A great vacation doesn't have to involve flying, or covering great distances via some other elaborate, pricey conveyance, such as a cruise ship. Here at Budget Travel we've always liked to mix our globe-spanning coverage with ultra-local finds, too. Here, we share five of our favorite American drives, which combine accessibility and affordability with awesome scenery, great food, history, world-class lodging, and the nicest folks to meet along the way. We invite you to fire up your GPS, fill up your tank, and get up and go! 1. BLUE RIDGE PARKWAY From Washington, D.C., to the Great Smoky Mountains Some of the Southeast's most beautiful mountains and charming communities can be yours with a drive that starts in Washington, D.C. and actually connects two stunning national parks. A 90-minute drive from D.C. on Interstate 66 through Virginia horse country, the 105-mile-long Skyline Drive meanders along the spine of the Blue Ridge Mountains, with the broad Shenandoah Valley unfolding to the west. Paralleling the road for much of the way—and crossing it many times—is the Appalachian Trail; from the side of the road, utterly fearless Virginia white-tailed deer sniff at passing cars. Near Waynesboro, Skyline Drive turns into the Blue Ridge Parkway, where it stretches for hours and passes overlooks with memorable names (Raven's Roost, Peaks of Otter), before reaching a turnoff for surprisingly cosmopolitan Roanoke. The recently renovated 1882 Hotel Roanoke (hotelroanoke.com) has history behind it: The hotel's bar was once a World War II officers' club, and the ballroom hosted a cattle auction in the sixties. Today, in-room spa services are more typical. One of the New Deal's most ambitious endeavors, the curvaceous "park to park highway" links Virginia's Shenandoah National Park (nps.gov.shen) with North Carolina's Great Smoky Mountains National Park (nps.gov/grsm) via dozens of hairpin turns and 26 tunnels cut through Appalachian granite. Spot a 19th-century farm or postage-stamp-size town at the bottom of a verdant mountainside and you'll realize how seemingly unchanged the road remains since its inception way back in 1935. As you drive farther into the heart of Appalachia, the traffic thins and the valleys plunge deeper. The Blue Ridge Music Center (blueridgemusiccenter.org), located in Galax, Va., with its outdoor concerts and weekday-afternoon traditional banjo-picking and fiddle sessions, is a welcome sign of civilization near the North Carolina line. (Banjo music is the ideal soundtrack for this drive. Grab yourself a CD compilation of Appalachian music with songs by Aaron Copland and John Williams.) From here, a curving 100-mile drive leads to 87-acre Chetola Resort (chetola.com), North Carolina's only Orvis-endorsed fly-fishing lodge. Yoga, horseshoes, and canoes await those with little interest in hooking a trout. It's easy to see how the Blue Ridge earned its name—layers of peaks really do tint blue in the distance. In downtown Asheville, N.C., 87 miles west of the resort, Southern classics (cornmeal-crusted catfish) are made with ingredients from local farms at the Early Girl Eatery (earlygirleatery.com) After lunch, it's on to Gatlinburg, Tenn., where the Bearskin Lodge's lazy river mimics the nearby Little Pigeon River (thebearskinlodge.com). To experience the full sweep of the Great Smoky Mountains, take Newfound Gap Road up 6,643-foot Clingmans Dome, the park's tallest peak, where you can see more than 100 miles out on clear days. It's almost a sin not to spend a couple of extra days in Gatlinburg, on the edge of the national park, and explore the Great Smoky Mountains. The options are limitless, from hiking and biking to rock climbing—but the white-water rafting trumps them all, with no fewer than five world-class rivers in the area. Get a taste through a half-day trip on the 24 Class III and IV rapids of the Big Pigeon River. En route back to D.C., take in the crystalline formations of Skyline Caverns in Front Royal, Va. And, if you're up for a totally worth-it splurge, get yourself a sweeping final view of the Shenandoah Valley on a Blue Ridge Hot Air Balloons tour. 2. JOSHUA TREE Palm Springs to Joshua Tree National Park The Joshua tree, made famous by the national park and the 1987 U2 album of the same name, is actually a yucca. Legend has it that the yucca was renamed by Mormon settlers who thought its upraised limbs and scruffy-bearded appearance resembled the prophet Joshua leading them to the promised land. Joshua Tree National Park (nps.gov/jotr) is at its most crowded from March through May, when the wildflowers are in bloom and the temperatures are still mild; if you're hoping to avoid the crowds, such as they are, consider visiting in the fall. Most major airlines serve Palm Springs International Airport. Heading northwest from Palm Springs on Indian Canyon Drive, you'll be greeted by the wind farms of San Gorgonio Pass. The 60-foot-tall gray metal poles are intrusive, but striking, and in any event harnessing the wind is better than burning oil. With more than 4,000 turbines, the farm is one of world's largest, and if you're in a convertible, you'll hear the propellers whirring every time you stop at a red light. They sound like gentle waves breaking in the clouds. Desert Hot Springs, 50 miles south, is built over a natural mineral-water aquifer, and the town claims to have some of the world's best water. The Emerald Springs Resort and Spa (760/288-0071) offers rooms with turquoise walls, black furniture, and white duvets, giving it a fifties vibe. Go swimming in all three of the hotel's heated mineral-water pools, in the shadow of the San Jacinto Mountains, surrounded by cacti and bougainvillea. Then get a good night's sleep, in anticipation of your first day exploring Joshua Tree National Park. Head east on Highway 62, toward the West Entrance of Joshua Tree National Park. At nearly 800,000 acres, the park straddles two distinct deserts: the Mojave in the north, marked by craggy Joshua trees and moon-like rock formations, and the Colorado in the south, with wide-open vistas and jagged mountain peaks. Between the two lies the transition zone, with features from both plus cholla cactus gardens and patches of spidery ocotillo. The Joshua Tree Visitor Center is the place to buy lots of water—one gallon per person per day, two in the summer. You may feel as if you've been transported to prehistoric times. Boulders the size of dump trucks sit near spiky trees, and the air is fragrant with lavender and chia. Keys View, by far one of the park's best panoramas, is about five miles south. At nearly 5,200 feet above sea level, you can see the entire Coachella Valley, including the Salton Sea, the town of Indio, and the San Jacinto Mountains. Get another good night's sleep at the Harmony Motel (harmonymotel.com), in nearby Twentynine Palms. Reenter the park near the Oasis of Mara, then make your way through the transition zone to the southern end. Joshua trees become sparser, the air gets hotter and drier, and chest-high cholla cacti, with fine, light-green needles, begin to appear. Look, but don't touch! And while you're looking, check out the vistas of the Colorado Desert off in the distance. 3. UTAH'S CANYON COUNTRY Grand Junction, Colo., to Zion National Park, Utah Cramming five national parks into four days isn't for everyone. But if you are going to attempt such a quest, Southern Utah is the place to do it. Five of the nation's most gorgeous parks are packed into 650 miles of high desert. Bryce Canyon (nps.gov/brca) and Zion (nps.gov/zion) are both justly famous; so are the sandstone bridges in Arches National Park (nps.gov/arch). Less well known are Canyonlands (nps.gov/cany), every inch as impressive as the Grand Canyon, and Capitol Reef (nps.gov/care). Moab, Utah, is less than a 90-minute drive from Grand Junction, Colo. Moab is conveniently located between Arches and Canyonlands. You can have panoramic views of the desert at the northern end of Arches whether you stay in your car or book a mountain-bike ride. But don't just look up and around but also down: The area is dotted with three-toed dinosaur footprints every 50 yards or so. At Arches' southern end, families explore trails along rock formations such as Balanced Rock and Double Arch. Bed down at Moab's Red Cliffs Lodge (redcliffslodge.com) and grab a pint at the city's oldest microbrew, Eddie McStiff's (eddiemcstiffs.com). The largest of the five national parks at 527 square miles, Canyonlands includes the northern Island in the Sky section (all grand, wide canyons), and the more intimate Needles, where pygmy juniper trees decorate the ground, and hundreds of layers of sandstone fan out in phyllo-like sheets. The black stone of Newspaper Rock is covered in petroglyphs that were scratched over a 2,000-year period by native tribes (Anasazi, Fremont, Paiute, and Navajo). It's an impressive collage of images: men on horseback hunting antelope, oversize gods sprouting horns and antlers. Get a good head start on tomorrow by staying in Torrey, where the Cowboy Homestead Cabins will welcome you (cowboyhomesteadcabins.com). Torrey is the gateway to Capitol Reef, the least well known of Utah's five national parks. Route 24 cuts through it, threading a high valley carved by the little Fremont River. The 10-mile Scenic Drive leads to a long wash (a dry canyon that becomes a river after heavy rain). The walls rise hundreds of feet on both sides as the dirt road twists its way through the increasingly narrow canyon. Splurge on Bryce Canyon Lodge (brycecanyonlodge.com) for a night—ask for a lovely balcony with rough-hewn logs for a railing. At Bryce, the altitude ranges from about 7,900 feet to more than 9,100 feet. Two of its best overlooks are at Agua Canyon and the rock window called Natural Bridge. When you get to Zion, you may want to opt for the park's most rewarding short hike, the half-mile-long Canyon Overlook Trail. Private cars are no longer allowed on the Zion Canyon Scenic Drive north of the visitors center, so catch the free shuttle to the Riverside Walk trail, which leads to the Narrows, a 16-mile trail that doubles as the bed of the Virgin River. After hitting five national parks along this great drive, collapse into a comfy bed at the Canyon Ranch Motel (canyonranchmotel.com) after soaking in its outdoor hot tub! 4. FLORIDA KEYS Key West to Key Largo Lined with Victorian mansions and late-19th-century commercial buildings, Key West's main road, Duval Street, is a picturesque thoroughfare pocked with rocking-loud bars. A quieter side of Key West is immediately apparent when you turn onto Petronia Street, heading into the Bahama Village neighborhood. At Blue Heaven restaurant (305/296-8666), in a courtyard that was the scene of boxing matches during the Depression, tables sit under a canopy of trees, a balmy breeze stirring their leaves, and at least a half dozen of Key West's free-roaming chickens scratch around for crumbs. The special is a lobster melt—like a fancy tuna melt—and it's as good as it sounds. Catch the tour at the Little White House (305/294-9911), an 1890 house on Key West's former naval base. Harry Truman vacationed there 11 times during his presidency. Don't miss Sunset Celebration at Mallory Square, a daily event since the sixties. Grab a margarita from a stand and wander among the crowds and street performers before turning in at the Chelsea House (chelseahousekw.com), in a converted Victorian house surrounded by a garden that makes it feel private and tranquil, though it's just a stone's throw from Duval Street. Before hitting the road the next day, stop by the Hemingway Home and Museum (hemingwayhome.com), where Ernest Hemingway lived with his second wife, Pauline, and their two sons from 1931 to 1940. It's said that Hemingway was given a six-toed cat—often called "mitten cats"—by a friend who was a ship captain; many cats, most of which are its descendants, live on the grounds today. As the writer quipped, "One cat just leads to another." And speaking of animals, don't miss the Key West Butterfly & Nature Conservatory, where you'll be amazed at the sight of so many elusive, fluttering beauties. When it's time to head north, Route 1, the Overseas Highway, is a sight in itself. In the 1880s, Henry Flagler, an original partner in Standard Oil, began developing resorts along Florida's east coast. He also started buying up and connecting the state's railroad lines. St. Augustine, Palm Beach, and Miami all owe their development to Flagler's efforts. Between 1905 and 1912, Flagler constructed the Over-Sea Railroad, 156 miles of track—much of it on trestles over open water—that linked Miami and Key West. When the first train rolled into town in 1912, it was greeted by 15,000 townspeople. Unfortunately, a fierce hurricane ripped through the Keys in 1935; an 18-foot tidal wave and 200-mile-per-hour winds washed out the embankment and mangled tracks, but the bridges and trestles stood. In 1938, the federal government took over the route and built the Overseas Highway. Route 1 is the main (and often only) road on the narrow strips of land that are the various keys. Mile-marker signs, which start from zero in Key West, are used as locators for addresses along the highway. The marvelous Seven Mile Bridge runs between mile markers 40 and 47. Until 1982, the bridge ran on the piers originally built for Flagler; those remains stand alongside the new bridge. In Marathon, the White Sands Inn (whitesandsinn.com) has rooms decorated with sunny primary colors and Caribbean-inspired fabrics. An hour's drive north brings you to Key Largo, where a bungalow at the Coconut Bay Resort (coconutbaykeylargo.com) and a slice of, yes, key lime pie, more than live up to the hype. 5. GREAT LAKES SEAWAY TRAIL Massena, N.Y., to West Springfield, Penn. Consider the Great Lakes Seaway Trail the inland version of California's Pacific Coast Highway. This scenic waterfront byway—a 500+-mile drive if you want to go all the way—includes the St. Lawrence Seaway with its imposing Eisenhower Lock, 40 state parks along the way, and 28 historic lighthouses on the shores of two rivers (the Niagara and the St. Lawrence) and two of the Great Lakes (Ontario and Erie). One of the don't-miss sights along the way is Presque Isle State Park, Pa. (presqueisle.org). This sandy, 3,200-acre peninsula near Erie has miles of untouched beaches to explore. And while the park is immensely popular in summer, it's also a draw in deep winter, when it becomes home to cross country skiers, snow shoers, and ice fishers. The "ice dunes" formed by freezing waves are something you don't see on your average winter jaunt. Sodus Bay Lighthouse Museum (soduspointlighthouse.org), overlooking the southern shore of Lake Ontario in New York State, is a first-rate maritime museum operated by the Sodus Bay Historical Society in the building that once housed the lighthouse keepers, beside the tower and Fresnel lens. The Great Lakes Seaway Trail's greatest claim to fame, however, is iconic Niagara Falls. There are two towns named Niagara Falls, one in New York and one in Canada. The New York side boasts a state park designed by Frederick Law Olmstead (of Central Park fame). The Maid of the Mist (maidofthemist.com) boat will take you right to Horseshoe Falls, where the falls crash at their mightiest. If the word "horsehoe" inspires you to test your luck, head over the the Seneca Niagara Casino (senecaniagaracasino.com), a recent addition to the scene that includes gaming, food, and lodging. But we suggest that you spend the night on the Canadian side. The Chalet Inn & Suites (chalet-inn.com) is a good choice—and it even includes heart-shaped bathtubs, inspired by Niagara's popularity as a honeymoon destination. The Canadian side is something of a mecca for wax museum aficionados, too. Louis Tussaud's (ripleysniagara.com) may be the best known. But, more importantly, the Canadian side also has the better view of the falls. During the day, you'll see rainbows in the mist, and in the evening, colorful floodlights transform the cascading water.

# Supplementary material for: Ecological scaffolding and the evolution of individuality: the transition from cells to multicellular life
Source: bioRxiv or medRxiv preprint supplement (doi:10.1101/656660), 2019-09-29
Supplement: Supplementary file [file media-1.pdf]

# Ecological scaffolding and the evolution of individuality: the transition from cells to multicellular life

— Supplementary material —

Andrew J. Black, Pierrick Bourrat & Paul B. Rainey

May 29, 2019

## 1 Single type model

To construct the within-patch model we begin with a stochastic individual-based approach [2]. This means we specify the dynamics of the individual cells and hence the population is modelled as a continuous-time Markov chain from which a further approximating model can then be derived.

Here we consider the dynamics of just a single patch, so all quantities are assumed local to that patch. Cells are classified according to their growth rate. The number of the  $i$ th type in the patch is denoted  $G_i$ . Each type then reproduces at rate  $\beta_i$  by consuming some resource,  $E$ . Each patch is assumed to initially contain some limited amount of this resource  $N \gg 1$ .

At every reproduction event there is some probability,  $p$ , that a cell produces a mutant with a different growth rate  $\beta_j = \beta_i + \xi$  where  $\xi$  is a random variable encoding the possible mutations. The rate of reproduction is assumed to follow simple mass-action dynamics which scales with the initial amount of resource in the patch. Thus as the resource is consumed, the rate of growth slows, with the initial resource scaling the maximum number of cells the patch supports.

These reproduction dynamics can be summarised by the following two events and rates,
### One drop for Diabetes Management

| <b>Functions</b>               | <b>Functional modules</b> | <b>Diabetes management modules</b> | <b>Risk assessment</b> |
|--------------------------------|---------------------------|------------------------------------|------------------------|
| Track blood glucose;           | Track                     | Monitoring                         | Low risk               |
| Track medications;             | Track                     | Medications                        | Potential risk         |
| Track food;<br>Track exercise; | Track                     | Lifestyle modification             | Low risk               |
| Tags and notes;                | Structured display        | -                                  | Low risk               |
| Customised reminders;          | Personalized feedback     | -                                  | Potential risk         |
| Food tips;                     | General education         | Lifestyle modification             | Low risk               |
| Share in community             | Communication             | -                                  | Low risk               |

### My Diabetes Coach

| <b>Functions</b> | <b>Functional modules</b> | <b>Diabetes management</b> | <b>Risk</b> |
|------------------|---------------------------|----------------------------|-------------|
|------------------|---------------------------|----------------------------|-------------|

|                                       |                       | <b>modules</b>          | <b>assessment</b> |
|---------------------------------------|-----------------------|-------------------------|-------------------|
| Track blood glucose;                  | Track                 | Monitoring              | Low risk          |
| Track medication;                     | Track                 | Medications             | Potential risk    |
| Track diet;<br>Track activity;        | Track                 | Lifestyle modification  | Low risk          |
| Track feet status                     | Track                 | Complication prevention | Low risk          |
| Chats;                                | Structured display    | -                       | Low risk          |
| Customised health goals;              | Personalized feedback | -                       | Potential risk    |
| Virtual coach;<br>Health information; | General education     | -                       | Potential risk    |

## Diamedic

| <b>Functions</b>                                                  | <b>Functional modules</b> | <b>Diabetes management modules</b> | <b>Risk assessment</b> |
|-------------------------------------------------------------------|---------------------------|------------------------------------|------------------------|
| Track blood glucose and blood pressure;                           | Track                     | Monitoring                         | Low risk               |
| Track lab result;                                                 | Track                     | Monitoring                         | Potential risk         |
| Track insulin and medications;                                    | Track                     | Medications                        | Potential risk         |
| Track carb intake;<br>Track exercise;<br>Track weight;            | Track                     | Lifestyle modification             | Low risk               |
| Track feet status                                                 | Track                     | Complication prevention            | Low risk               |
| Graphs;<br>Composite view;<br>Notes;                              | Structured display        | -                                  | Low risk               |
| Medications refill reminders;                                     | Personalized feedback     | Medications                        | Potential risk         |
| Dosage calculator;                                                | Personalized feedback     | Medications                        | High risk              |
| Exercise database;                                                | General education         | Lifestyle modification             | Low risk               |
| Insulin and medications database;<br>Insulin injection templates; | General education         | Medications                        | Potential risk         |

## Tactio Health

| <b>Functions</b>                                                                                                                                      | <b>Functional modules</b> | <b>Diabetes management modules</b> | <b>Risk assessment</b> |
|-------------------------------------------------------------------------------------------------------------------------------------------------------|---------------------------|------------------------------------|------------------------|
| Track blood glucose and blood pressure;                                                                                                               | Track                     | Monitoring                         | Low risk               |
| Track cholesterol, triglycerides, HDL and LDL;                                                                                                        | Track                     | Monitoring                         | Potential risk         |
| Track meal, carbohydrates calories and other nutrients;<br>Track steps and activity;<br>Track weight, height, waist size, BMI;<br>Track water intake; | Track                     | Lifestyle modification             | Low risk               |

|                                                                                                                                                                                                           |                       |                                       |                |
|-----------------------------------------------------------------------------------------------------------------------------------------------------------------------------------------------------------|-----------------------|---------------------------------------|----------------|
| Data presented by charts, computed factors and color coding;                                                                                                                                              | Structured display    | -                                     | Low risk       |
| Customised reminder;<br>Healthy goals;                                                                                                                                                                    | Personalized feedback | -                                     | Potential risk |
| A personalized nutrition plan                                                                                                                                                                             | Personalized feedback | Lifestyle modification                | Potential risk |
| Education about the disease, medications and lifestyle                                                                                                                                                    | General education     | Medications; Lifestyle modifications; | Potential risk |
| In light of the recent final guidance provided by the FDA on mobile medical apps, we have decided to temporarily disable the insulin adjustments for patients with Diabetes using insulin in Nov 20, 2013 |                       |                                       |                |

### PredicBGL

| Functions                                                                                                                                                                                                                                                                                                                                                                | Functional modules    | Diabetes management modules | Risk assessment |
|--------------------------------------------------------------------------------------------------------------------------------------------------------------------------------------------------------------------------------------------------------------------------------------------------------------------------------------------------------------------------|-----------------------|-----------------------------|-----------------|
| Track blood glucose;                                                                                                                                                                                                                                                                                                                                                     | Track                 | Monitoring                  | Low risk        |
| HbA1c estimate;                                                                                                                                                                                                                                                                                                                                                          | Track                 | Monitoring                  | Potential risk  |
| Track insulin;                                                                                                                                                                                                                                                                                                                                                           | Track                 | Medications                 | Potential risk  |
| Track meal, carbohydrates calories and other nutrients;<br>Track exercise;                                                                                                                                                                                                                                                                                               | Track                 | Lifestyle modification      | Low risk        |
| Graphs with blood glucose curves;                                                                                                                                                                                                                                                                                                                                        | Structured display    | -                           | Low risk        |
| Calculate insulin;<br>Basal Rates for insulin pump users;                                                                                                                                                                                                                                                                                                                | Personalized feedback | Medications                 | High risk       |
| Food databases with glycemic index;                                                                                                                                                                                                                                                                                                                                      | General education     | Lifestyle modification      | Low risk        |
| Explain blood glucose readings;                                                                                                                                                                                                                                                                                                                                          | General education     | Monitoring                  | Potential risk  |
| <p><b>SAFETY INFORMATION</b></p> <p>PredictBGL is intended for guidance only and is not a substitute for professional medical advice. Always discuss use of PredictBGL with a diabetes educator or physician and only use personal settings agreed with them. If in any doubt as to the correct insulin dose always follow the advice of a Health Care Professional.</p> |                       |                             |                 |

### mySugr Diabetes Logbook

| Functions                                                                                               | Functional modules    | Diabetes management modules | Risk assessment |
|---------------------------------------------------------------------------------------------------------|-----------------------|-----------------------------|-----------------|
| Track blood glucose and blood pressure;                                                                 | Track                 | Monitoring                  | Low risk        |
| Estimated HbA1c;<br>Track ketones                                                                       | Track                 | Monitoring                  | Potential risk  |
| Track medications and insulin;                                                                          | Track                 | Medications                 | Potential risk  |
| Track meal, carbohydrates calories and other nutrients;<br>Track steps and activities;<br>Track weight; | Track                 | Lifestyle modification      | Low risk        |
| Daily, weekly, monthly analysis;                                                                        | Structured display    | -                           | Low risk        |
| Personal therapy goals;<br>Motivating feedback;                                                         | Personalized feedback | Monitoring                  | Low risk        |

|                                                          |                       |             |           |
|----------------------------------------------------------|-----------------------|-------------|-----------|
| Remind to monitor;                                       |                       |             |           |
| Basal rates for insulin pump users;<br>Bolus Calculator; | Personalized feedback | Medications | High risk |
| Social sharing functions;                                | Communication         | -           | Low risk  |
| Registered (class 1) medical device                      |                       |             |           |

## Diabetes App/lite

More Places to go